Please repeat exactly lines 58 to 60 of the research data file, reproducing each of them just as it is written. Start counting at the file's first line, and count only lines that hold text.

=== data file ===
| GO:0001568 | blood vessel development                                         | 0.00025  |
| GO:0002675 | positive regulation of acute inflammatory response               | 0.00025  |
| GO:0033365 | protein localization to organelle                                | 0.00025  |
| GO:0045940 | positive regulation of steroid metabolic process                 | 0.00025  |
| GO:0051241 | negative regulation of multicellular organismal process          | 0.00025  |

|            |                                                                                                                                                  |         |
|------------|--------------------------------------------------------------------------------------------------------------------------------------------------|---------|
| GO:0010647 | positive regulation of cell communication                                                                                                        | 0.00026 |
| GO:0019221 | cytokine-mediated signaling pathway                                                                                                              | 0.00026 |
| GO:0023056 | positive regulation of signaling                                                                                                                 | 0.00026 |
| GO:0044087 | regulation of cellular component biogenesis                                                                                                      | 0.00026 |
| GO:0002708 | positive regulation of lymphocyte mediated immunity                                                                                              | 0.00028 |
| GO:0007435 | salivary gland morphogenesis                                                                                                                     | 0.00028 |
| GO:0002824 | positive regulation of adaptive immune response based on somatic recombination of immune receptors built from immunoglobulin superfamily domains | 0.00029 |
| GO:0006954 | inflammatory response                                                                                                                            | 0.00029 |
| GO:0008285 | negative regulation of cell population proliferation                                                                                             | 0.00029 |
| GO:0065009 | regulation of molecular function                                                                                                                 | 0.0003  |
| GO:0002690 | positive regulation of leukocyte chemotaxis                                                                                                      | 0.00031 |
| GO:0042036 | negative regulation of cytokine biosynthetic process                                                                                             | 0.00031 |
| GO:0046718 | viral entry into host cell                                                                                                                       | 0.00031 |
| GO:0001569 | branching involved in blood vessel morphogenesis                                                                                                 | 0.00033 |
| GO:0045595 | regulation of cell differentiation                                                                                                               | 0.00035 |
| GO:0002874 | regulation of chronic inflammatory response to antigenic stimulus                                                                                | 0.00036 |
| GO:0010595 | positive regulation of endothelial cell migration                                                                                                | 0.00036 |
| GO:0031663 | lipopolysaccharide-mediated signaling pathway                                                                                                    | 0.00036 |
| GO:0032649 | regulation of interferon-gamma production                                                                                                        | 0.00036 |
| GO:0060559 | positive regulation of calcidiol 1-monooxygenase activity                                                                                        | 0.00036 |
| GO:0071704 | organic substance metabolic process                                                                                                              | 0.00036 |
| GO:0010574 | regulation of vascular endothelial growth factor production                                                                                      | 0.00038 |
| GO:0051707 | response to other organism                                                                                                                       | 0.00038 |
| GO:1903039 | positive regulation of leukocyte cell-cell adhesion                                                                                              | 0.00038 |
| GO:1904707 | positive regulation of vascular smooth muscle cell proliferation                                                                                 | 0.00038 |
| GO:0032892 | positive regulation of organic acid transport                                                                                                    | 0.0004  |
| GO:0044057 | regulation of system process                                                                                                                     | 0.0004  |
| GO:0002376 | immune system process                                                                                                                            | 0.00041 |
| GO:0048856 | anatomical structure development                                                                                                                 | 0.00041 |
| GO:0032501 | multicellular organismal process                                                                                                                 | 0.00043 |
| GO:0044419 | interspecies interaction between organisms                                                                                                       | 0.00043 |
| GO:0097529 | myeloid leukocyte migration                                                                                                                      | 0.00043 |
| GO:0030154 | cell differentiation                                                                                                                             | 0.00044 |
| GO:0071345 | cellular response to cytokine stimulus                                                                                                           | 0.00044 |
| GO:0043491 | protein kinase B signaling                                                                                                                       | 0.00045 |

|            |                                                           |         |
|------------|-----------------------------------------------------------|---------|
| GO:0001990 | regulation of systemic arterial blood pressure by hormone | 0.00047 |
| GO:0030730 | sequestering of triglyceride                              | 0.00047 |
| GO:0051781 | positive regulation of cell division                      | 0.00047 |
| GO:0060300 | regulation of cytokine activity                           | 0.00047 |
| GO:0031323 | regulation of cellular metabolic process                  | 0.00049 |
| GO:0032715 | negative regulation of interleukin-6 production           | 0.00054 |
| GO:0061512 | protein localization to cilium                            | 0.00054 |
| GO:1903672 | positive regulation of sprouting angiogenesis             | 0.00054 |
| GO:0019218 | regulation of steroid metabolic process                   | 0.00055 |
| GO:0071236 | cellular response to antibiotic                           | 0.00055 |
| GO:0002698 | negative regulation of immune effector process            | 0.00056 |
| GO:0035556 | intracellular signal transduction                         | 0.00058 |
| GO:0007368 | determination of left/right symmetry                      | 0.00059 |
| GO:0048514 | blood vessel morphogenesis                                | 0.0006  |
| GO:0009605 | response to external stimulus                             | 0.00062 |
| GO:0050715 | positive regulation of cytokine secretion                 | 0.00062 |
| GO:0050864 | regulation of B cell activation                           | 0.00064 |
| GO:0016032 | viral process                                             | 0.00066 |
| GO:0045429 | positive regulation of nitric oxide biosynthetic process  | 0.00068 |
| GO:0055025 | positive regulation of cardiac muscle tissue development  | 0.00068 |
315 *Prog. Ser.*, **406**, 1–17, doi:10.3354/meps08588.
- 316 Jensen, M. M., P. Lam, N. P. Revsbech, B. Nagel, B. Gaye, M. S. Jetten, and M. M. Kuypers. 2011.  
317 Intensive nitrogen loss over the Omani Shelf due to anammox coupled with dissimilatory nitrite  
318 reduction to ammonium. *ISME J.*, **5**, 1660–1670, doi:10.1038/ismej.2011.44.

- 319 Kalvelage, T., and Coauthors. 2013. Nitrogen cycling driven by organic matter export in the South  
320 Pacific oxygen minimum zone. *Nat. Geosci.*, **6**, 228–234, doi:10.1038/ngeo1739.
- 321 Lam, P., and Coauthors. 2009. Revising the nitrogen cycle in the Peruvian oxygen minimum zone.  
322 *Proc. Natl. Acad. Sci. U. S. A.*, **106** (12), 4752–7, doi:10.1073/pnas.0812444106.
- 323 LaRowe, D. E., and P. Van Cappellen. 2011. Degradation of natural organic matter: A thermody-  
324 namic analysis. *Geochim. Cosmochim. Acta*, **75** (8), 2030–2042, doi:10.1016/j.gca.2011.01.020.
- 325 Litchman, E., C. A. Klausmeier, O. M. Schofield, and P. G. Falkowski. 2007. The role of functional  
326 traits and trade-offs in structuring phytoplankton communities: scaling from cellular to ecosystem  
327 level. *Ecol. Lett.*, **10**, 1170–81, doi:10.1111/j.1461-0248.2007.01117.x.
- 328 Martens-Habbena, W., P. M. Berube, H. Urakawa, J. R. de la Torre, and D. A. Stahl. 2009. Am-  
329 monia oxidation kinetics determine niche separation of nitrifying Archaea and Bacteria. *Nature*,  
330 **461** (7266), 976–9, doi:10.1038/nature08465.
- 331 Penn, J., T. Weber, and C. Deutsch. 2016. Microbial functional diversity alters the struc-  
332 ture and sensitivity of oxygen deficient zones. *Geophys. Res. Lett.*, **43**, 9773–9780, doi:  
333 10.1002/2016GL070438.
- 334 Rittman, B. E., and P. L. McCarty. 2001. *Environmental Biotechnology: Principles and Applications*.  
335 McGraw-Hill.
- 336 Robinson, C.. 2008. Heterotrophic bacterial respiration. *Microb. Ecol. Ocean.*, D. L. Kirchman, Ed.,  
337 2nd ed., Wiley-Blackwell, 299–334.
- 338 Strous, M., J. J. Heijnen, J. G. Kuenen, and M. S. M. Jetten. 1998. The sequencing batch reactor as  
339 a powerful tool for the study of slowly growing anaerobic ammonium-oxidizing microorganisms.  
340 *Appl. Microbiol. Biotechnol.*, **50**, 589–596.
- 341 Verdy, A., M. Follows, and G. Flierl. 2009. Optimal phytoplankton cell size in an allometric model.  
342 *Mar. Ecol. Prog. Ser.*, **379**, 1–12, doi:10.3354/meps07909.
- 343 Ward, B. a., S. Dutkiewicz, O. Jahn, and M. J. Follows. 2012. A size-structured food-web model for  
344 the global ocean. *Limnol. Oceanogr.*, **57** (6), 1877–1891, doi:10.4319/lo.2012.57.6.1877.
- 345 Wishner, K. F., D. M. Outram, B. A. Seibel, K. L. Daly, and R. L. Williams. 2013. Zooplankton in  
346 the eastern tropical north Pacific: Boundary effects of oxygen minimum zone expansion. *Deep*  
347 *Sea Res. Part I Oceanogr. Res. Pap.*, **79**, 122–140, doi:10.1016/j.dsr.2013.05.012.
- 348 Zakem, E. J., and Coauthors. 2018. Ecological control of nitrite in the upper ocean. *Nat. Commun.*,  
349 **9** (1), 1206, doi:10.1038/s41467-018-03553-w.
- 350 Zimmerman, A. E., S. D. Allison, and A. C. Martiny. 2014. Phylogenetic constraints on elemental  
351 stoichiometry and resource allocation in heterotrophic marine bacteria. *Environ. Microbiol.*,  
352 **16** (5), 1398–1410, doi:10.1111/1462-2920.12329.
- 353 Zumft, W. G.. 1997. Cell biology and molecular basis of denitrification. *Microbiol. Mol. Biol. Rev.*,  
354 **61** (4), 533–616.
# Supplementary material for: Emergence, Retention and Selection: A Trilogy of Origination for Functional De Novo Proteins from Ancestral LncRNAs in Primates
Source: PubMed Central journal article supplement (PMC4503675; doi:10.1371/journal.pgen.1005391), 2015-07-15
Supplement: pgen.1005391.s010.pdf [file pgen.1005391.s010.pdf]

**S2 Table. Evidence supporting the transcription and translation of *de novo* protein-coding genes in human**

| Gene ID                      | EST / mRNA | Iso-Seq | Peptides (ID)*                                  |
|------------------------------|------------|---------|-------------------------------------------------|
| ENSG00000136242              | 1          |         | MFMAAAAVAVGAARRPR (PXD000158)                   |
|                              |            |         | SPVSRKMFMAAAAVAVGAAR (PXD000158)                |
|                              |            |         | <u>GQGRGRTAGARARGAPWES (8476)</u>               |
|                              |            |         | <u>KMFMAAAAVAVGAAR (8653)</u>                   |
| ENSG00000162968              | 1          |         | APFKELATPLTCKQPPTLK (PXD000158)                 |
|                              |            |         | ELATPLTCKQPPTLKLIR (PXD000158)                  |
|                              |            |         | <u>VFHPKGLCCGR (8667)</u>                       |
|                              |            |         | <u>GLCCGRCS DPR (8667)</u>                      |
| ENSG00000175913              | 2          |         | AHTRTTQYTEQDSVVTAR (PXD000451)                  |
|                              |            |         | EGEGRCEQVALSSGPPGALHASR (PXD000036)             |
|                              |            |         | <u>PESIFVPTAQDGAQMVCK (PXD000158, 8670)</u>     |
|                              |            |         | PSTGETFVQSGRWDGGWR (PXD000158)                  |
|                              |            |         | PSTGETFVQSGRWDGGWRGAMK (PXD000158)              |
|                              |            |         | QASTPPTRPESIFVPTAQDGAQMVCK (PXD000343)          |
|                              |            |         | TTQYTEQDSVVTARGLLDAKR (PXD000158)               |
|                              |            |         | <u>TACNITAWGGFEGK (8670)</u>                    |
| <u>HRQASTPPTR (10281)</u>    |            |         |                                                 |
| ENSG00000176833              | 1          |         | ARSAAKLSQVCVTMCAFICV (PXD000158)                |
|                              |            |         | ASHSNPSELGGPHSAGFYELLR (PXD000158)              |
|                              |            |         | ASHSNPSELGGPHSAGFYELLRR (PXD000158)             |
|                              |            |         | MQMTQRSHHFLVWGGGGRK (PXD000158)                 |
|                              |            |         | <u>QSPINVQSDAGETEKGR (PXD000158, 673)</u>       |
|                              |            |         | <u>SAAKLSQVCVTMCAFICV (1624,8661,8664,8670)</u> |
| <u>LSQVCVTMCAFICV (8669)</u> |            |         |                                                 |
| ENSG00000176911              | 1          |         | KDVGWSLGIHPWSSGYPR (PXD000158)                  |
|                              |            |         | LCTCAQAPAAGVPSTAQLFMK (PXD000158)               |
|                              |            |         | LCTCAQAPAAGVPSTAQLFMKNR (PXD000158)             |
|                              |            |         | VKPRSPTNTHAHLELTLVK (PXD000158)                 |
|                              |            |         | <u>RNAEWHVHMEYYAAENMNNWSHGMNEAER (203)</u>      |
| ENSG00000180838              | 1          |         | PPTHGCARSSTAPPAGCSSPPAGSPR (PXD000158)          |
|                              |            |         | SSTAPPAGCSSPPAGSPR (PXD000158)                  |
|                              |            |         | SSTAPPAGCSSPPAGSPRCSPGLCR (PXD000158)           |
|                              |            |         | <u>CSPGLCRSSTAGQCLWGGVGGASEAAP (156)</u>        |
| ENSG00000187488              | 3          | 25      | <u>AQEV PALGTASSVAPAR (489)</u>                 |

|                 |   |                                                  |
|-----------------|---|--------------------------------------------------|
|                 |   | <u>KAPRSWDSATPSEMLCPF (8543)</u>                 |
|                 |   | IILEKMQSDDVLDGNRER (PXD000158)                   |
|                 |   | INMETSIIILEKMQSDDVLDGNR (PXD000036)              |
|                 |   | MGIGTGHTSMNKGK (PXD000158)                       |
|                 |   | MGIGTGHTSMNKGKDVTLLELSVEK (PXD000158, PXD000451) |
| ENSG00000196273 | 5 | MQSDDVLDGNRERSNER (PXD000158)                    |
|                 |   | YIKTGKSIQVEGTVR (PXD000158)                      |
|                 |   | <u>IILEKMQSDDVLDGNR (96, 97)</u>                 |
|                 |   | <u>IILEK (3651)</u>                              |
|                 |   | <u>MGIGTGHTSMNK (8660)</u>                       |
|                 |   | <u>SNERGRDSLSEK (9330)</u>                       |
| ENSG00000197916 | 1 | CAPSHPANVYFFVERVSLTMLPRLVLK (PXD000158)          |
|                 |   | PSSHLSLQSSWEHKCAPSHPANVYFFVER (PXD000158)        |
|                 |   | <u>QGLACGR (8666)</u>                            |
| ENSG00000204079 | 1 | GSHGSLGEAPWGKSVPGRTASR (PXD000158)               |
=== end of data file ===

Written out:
| GO:0048514 | blood vessel morphogenesis                                | 0.0006  |
| GO:0009605 | response to external stimulus                             | 0.00062 |
| GO:0050715 | positive regulation of cytokine secretion                 | 0.00062 |